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42 modify their foraging behavior through foraging rate/mortality risk tradeoff mechanisms (Mittelbach, 1981; Werner et al., 1983; Mittelbach, 1984). Therefore predation avoidance behaviors may lead susceptible individuals to limit the use of rich habitats (Werner et al., 1983) as could be happening in flooded forest during the day time, but probably not in floating meadows where a more dense vegetation could reduce the risk of predation. However, the reduced abundance of fish predators in the samples does not provide evidence to support this hypothesis. The absence of diel change in biomass between habitats, despite of the differences in abundance, leads one to expect that a high amount of small fishes caught during night samples could weight as much as a few large fishes caught in day samples. Indeed, this was observed in flooded forest, where 21 individuals (23% of the total abundance) of 5 species (Arapaima gigas, C. macropomum, H. unitaeniatus, H. malabaricus, and L. pardalis) accounted for 85% of the total biomass in the day samples. In floating meadows, the trend was more dramatic. Twenty individuals (7% of the total abundance) of five species (C. macropomum, Electrophorus electricus, Leporinus trifasciatus, L. pardalis, and Osteoglossum bicirrhosum) accounted for 75% of the total biomass in the day samples. Fish Assemblages in Floodplains All quantitative analyses of community variables (i.e. abundance, biomass, species richness, and body size), without accounting for the species identity, did not provide evidence to separate the ichthyofauna of Cao Yarina in two assemblages. However, multivariate analysis of species abundances (i.e., MRPP and NMS ordination) suggested the presence of two subtly different fish assemblages in flooded forest vs. floating meadows. Floating meadows locations were characterized by deeper and more

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43 transparent waters than flooded forest. However, these habitats differ also in many other characteristics such as type of vegetation, structural complexity of the submerged portion of the vegetation, but especially in food resources. These variables are difficult to quantify and therefore it is hard to determine the individual effect on particular fish species. Specific habitat selection has been reported before in floodplain fish communities related to abiotic factors such as type of water (Saint-Paul at al., 2000), oxygen concentration (Junk et al., 1983; Winemiller, 1996), and water depth and transparency (Rodriguez & Lewis, 1994; Tejerina-Garro et al., 1998). In this last case, abundance of visually oriented predators (e.g., characids and cichlids) was positive correlated to water depth and transparency. In the present study, fish predators were scarce (19 and 4.6 % of the total species richness and abundance, respectively). Species of important predatory families such as Serrasalmidae were very scarce in the samples, indeed only two species were caught, Serrasalmus rhombeus and Pygocentrus nattereri. Only six juvenile specimens (45 to 76 mm) of S. rhombeus and 29 juvenile and adult specimens (63 to 205 mm) of P. nattereri were caught, mostly in the floating meadows. Pimelodids, another common family of silurid predators, was only represented by few specimens of Sorubim lima (n=3, 168 to 196 mm). Other common predators inhabiting flooded forest such as Cichla monoculus (Correa, 1999), were completely absent from the samples. Hoplias malabaricus, the most abundant predator species in Cao Yarina (1.4%), was scarcely found, mainly in floating meadows. A partial explanation for the low abundance of some large sized predator fishes is based on the limited efficiency of the gill nest. Surprisingly one individual of Arapaima gigas (a sub adult of 600 mm SL) was caught in this study when usually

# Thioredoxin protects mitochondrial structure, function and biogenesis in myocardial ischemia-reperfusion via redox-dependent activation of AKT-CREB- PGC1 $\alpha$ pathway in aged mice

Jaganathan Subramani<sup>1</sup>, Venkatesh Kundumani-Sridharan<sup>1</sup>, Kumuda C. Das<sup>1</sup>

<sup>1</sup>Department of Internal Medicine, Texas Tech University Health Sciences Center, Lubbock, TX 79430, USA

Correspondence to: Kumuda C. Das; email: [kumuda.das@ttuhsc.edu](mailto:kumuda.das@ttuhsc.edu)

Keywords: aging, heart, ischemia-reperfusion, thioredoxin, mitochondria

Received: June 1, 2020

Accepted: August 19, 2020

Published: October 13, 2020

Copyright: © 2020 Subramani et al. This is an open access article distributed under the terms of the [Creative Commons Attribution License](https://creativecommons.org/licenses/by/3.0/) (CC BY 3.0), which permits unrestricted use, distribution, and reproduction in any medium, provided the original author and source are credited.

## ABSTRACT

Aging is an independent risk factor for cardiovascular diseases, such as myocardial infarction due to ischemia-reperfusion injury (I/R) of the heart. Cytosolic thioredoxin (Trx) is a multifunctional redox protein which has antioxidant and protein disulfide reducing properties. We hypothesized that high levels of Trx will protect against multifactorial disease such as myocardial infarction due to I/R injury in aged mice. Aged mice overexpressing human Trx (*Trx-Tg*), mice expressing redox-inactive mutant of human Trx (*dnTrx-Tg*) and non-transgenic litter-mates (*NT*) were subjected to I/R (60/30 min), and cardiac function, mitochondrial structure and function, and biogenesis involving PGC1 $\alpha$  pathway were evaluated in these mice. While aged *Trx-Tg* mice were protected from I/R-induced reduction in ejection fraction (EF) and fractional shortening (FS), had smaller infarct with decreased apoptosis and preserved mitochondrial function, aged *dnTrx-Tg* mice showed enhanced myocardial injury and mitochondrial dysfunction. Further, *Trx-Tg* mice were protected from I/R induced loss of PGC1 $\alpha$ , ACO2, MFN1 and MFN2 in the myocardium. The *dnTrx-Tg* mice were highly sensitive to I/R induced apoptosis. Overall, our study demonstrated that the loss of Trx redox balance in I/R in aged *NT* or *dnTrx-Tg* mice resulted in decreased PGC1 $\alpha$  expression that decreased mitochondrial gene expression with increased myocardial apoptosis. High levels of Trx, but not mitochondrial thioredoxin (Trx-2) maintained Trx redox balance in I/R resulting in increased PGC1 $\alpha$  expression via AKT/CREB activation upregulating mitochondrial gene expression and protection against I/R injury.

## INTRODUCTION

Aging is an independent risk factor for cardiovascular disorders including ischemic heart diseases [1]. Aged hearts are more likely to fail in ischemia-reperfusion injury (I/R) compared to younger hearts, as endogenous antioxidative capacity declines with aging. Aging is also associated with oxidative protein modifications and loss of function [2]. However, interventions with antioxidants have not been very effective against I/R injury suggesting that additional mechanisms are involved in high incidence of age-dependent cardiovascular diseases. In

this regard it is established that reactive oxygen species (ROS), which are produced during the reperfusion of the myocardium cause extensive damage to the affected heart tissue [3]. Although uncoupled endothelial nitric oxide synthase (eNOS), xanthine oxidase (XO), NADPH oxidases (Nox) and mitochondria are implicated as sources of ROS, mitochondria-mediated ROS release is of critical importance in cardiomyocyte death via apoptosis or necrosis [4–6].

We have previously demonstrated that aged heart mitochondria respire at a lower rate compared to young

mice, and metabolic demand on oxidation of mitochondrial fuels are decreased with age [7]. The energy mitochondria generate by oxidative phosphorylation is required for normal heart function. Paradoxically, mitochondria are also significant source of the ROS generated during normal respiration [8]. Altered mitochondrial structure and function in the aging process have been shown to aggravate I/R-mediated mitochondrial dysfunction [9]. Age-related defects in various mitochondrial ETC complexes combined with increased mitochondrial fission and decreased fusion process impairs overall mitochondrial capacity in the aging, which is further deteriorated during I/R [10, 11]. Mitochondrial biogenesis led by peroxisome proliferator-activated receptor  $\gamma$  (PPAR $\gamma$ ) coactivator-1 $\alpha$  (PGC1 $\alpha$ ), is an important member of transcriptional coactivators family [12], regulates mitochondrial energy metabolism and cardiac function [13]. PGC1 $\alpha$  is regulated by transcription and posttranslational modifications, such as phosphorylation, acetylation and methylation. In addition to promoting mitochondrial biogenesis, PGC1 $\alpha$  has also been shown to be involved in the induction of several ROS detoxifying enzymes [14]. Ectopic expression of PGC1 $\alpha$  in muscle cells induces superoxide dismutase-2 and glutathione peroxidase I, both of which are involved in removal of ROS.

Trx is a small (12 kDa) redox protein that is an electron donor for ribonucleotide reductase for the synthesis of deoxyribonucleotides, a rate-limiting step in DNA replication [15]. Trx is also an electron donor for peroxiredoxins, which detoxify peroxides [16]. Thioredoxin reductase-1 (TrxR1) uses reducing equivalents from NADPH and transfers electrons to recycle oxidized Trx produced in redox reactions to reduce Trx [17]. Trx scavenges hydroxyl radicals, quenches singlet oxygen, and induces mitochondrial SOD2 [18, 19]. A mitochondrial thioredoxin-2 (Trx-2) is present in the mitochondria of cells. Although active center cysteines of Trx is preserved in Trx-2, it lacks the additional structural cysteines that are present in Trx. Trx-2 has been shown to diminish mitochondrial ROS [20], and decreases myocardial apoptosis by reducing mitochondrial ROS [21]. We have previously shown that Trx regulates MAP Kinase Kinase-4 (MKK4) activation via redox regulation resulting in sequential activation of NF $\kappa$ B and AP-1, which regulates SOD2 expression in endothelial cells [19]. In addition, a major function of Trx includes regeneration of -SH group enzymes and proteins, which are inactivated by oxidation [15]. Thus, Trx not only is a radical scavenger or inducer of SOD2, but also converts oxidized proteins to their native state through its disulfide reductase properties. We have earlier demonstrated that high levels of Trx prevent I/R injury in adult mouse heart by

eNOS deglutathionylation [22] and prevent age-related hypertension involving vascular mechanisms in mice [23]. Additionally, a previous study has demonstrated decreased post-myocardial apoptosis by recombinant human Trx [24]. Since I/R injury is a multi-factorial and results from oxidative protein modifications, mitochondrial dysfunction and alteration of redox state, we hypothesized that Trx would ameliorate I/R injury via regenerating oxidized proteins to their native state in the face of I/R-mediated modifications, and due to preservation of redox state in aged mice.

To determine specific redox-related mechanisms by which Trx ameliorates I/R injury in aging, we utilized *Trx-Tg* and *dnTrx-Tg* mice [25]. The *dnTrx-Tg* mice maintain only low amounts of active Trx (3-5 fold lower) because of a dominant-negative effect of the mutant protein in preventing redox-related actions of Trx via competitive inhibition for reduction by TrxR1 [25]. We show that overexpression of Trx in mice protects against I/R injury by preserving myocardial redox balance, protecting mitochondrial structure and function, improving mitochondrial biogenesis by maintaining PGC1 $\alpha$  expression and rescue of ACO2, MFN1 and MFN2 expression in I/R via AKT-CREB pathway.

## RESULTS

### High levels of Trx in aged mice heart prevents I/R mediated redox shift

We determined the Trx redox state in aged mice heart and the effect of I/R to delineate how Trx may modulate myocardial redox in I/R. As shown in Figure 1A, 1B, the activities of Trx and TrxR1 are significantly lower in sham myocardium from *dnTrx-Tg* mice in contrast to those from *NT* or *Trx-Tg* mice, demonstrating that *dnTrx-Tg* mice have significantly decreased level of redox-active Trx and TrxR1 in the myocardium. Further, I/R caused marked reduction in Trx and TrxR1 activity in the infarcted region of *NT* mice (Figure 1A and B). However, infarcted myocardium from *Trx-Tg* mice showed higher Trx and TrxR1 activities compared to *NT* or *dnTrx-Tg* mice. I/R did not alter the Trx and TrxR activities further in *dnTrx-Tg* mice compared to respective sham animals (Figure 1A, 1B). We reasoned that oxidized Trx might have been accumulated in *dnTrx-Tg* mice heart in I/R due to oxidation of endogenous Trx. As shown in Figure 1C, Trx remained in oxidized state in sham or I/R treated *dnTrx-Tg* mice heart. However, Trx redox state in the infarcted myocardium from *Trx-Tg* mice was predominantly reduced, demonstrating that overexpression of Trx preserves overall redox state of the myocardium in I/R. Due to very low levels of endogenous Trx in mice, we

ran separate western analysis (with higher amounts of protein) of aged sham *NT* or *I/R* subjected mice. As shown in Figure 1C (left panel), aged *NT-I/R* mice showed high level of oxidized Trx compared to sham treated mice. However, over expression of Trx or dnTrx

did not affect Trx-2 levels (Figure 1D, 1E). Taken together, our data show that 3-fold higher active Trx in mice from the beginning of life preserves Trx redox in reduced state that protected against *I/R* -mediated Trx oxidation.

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44 A. gigas are caught with harpoons or nets of mesh sizes bigger than 120 mm. However, it is unlikely that if other predator species, especially medium sized ones, were present in the system not even single individuals of each of those species were caught. Consequently an alternative explanation could be based on low productivity of the floodplain of Cao Yarina. CPUE in both flooded forest and floating meadows was low; therefore it is possible that low prey abundance could be limiting predators abundance as predicted by the Lotka-Volterra predation model (Begon et al., 1996). CPUE was low in the present study, but this fact alone does not provide sufficient evidence to support a low productivity hypothesis for Cao Yarina. Another possible explanation for the scarcity of some predator species (e.g., Cichla monoculus and Pimelodid species) could be based on over fishing in the area before the reserve was established. At the time this study was conducted, signals of illegal fishermen in the area were observed and indeed some of the gill nets used in this study were stolen. Variable food resources could also lead to differences in species composition between habitats. In both flooded forests and floating meadows, the majority of the species caught feed on invertebrates (aquatic and/or terrestrial), detritus, or fish. In flooded forest, invertebrate feeders and frugivores were dominant; whereas in floating meadows, invertebrate feeders and detritivores were dominant. These patterns were predicted, based on the differential food availability of flooded forests and floating meadows (seeds, fruits, and periphyton, vs. macrophytes, detritus, and authochtonous invertebrates) (Junk, 1997). Invertebrate feeders were expected to be an important guild in both habitats. Aquatic invertebrates are abundant in floating meadows (Junk, 1997) and terrestrial